3PM’s in general have a mixed reputation in the market. I have developed a guideline to help you in your evaluation of a 3PM. Find references that have long term satisfaction from deals brought by the 3PM. Understand the subtly and nuance of the 3PM’s business culture, and how the 3PM handles deals. 3PM’s promise a lot and have been known to deliver less. Retainer fees should be high enough to keep the 3PM in the game, but low enough to keep him hungry. New 3PMs are often filling in while they develop a long-term career opportunity. Are they a one-man band, or even worse, a bunch of high-powered marketers with no stable leader to reel them in and no back up staff to help with research and preparation? Having support staff is critical, as is having the opportunity to be introduced and speak with them in order to better understand the firm. Consider setting a monthly retainer based on a mutually agreeable set of goals. Here a list of suggested qualifiers.

1) How many present deals/clients is he working on? Too few, and he isn’t a hustler. Too many, and he goes after whatever is hot and leaves you with little attention if you’re not.

2) Track record – how much, where, when, for who, from? If a 3PM can’t immediately elaborate on his last few deals, that’s a red flag.

3) References – as stated above, they have to be relevant, in context and current.

4) Culture of his 3PM – hopefully having understood the universe of fundraising, the 3PM can speak positively of his own firm’s culture.

5) How the 3PM does deals. Again, the 3PM cannot go blank on any question, but this one is especially important.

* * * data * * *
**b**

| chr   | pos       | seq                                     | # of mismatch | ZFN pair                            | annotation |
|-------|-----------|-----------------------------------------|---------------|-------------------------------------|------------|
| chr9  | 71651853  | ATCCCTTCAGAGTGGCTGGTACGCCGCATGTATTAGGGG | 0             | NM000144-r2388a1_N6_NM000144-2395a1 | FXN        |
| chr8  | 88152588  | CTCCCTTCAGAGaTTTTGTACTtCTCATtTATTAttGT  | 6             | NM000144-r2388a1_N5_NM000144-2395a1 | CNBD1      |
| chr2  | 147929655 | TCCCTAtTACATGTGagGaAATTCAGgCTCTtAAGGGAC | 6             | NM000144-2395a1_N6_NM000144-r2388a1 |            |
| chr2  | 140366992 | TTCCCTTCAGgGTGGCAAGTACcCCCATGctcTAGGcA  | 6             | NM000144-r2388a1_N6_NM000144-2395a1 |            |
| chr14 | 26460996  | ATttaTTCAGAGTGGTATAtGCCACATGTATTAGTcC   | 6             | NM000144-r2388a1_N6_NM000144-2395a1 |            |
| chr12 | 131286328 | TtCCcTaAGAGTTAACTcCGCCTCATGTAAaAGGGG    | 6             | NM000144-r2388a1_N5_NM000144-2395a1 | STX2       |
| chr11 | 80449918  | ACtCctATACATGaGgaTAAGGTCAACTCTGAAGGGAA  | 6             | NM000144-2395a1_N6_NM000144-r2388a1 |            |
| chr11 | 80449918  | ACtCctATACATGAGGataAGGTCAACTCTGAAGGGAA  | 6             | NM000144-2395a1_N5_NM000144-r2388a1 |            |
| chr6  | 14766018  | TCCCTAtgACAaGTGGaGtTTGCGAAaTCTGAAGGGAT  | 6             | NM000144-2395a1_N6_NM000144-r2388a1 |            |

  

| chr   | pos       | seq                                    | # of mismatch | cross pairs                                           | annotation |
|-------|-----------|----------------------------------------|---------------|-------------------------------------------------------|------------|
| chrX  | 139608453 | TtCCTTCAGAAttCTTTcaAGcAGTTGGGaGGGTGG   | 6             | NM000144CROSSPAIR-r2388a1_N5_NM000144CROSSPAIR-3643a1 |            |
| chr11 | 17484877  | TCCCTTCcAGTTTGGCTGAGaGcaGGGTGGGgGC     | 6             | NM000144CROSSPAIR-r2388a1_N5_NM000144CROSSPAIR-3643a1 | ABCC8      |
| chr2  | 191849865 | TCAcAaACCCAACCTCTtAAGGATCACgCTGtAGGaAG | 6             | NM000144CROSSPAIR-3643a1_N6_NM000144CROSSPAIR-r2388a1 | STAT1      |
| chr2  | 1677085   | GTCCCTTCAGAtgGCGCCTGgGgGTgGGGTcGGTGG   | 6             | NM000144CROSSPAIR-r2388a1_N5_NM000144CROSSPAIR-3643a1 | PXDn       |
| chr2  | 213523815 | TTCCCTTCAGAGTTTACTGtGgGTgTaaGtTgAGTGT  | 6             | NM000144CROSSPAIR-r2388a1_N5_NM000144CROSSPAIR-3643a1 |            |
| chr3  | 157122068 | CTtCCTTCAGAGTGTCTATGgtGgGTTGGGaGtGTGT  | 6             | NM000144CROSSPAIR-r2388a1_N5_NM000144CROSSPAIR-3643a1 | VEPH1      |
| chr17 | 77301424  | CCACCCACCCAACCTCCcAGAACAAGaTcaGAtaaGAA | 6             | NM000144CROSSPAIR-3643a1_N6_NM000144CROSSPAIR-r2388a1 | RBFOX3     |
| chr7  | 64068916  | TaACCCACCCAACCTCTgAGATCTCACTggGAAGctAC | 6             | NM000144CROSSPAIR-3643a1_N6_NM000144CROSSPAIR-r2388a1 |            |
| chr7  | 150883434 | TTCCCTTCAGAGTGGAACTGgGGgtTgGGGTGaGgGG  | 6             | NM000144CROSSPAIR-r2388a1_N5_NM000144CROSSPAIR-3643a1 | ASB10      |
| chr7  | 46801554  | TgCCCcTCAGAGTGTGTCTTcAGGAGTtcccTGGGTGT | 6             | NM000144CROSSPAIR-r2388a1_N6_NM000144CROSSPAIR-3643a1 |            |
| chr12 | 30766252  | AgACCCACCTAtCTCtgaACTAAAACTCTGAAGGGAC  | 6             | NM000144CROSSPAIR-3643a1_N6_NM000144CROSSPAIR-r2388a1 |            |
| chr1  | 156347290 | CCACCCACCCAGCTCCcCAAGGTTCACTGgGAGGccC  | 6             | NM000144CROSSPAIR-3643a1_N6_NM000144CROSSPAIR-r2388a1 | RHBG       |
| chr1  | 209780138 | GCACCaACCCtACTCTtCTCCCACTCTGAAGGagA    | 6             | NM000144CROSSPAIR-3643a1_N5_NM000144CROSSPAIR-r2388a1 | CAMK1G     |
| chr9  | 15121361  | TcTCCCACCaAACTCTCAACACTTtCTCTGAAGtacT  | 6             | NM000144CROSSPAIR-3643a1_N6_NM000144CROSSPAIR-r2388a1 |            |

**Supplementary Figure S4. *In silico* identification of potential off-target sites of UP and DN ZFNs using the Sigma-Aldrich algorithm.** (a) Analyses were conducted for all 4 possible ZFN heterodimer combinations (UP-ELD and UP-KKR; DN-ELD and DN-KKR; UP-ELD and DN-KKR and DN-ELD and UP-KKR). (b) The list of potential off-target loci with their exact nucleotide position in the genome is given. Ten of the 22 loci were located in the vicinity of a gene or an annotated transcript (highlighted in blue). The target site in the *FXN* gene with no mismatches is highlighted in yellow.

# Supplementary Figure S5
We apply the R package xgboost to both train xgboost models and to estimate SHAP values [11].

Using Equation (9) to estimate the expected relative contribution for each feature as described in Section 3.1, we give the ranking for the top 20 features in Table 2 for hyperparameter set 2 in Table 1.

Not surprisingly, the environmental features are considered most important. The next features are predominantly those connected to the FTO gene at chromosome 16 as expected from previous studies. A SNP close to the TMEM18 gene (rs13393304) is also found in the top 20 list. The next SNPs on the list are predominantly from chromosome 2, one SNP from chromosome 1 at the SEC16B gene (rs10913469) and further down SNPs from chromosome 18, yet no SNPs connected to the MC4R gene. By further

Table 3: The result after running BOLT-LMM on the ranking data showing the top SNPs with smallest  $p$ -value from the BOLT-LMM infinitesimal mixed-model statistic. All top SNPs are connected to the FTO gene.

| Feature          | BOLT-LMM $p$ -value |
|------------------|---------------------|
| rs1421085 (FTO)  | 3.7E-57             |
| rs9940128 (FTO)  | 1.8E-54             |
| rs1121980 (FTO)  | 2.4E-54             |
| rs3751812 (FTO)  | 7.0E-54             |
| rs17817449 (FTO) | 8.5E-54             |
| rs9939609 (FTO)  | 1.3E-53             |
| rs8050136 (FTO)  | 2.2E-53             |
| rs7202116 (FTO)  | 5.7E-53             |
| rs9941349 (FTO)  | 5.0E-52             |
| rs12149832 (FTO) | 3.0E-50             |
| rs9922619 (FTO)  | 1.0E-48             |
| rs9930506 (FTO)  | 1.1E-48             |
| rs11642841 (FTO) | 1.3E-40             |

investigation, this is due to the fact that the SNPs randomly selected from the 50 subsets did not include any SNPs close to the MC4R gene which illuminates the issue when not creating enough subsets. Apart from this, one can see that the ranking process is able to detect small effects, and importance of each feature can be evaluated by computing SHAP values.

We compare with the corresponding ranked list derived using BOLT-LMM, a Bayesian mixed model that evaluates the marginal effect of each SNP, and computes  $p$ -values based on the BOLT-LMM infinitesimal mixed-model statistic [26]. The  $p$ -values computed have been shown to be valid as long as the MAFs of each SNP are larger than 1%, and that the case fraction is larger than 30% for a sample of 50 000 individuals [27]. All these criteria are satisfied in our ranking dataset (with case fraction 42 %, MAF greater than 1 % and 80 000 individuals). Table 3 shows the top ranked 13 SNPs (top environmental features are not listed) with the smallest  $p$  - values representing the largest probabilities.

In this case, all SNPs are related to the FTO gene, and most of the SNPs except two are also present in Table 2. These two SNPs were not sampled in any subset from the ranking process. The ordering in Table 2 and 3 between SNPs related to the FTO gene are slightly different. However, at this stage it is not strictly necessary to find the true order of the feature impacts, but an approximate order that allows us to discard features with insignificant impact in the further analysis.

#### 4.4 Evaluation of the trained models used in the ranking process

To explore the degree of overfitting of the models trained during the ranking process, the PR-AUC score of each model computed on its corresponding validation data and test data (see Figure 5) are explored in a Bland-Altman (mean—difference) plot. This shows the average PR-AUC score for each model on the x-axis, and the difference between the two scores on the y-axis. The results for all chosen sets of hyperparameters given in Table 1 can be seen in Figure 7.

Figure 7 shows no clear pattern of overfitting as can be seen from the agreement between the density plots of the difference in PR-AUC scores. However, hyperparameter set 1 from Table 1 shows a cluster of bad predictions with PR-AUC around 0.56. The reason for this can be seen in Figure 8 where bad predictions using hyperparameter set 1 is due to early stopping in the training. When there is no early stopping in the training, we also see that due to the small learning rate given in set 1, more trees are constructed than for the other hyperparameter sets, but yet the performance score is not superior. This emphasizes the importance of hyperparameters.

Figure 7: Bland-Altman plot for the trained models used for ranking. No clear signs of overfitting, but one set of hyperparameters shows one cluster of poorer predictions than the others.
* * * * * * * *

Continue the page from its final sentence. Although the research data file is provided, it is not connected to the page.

6) Basic trust is essential – if you do not trust your 3PM, you have nothing. Trust your gut.

7) Many investors want direct contact, and do not want (or appreciate) a middleman. What will the 3PM do in that situation?  The best answer is that he usually can make a compelling case to stay, and doesn’t get in the way of a deal.

8) Good 3PMs live off their investor relationships and their reputation as a good and fair businessman.

9) Good 3PM’s are focused in targeting investors, and do not ever use a mass-canvassing approach. If they are into spamming, they are not worth your time.

10) 3PM’s understand investors’ needs and desires. They employ a rational, systematic approach to canvassing for an investor fit. This means lots of tedious research. The 3PM should understand the value of fit.

In short, my suggestion to life science executives is that you should choose your fundraising partners wisely, and understand the value of direct VS 3PMs. To conduct an effective direct campaign, you must define a targeted list of investors that fit your investment profile, and then with the help of your staff, start directly reaching out to your investor prospects. Remember it’s about starting a dialog and building a lasting relationship, because at the end of the day they are investing in you, your team, and your products and services.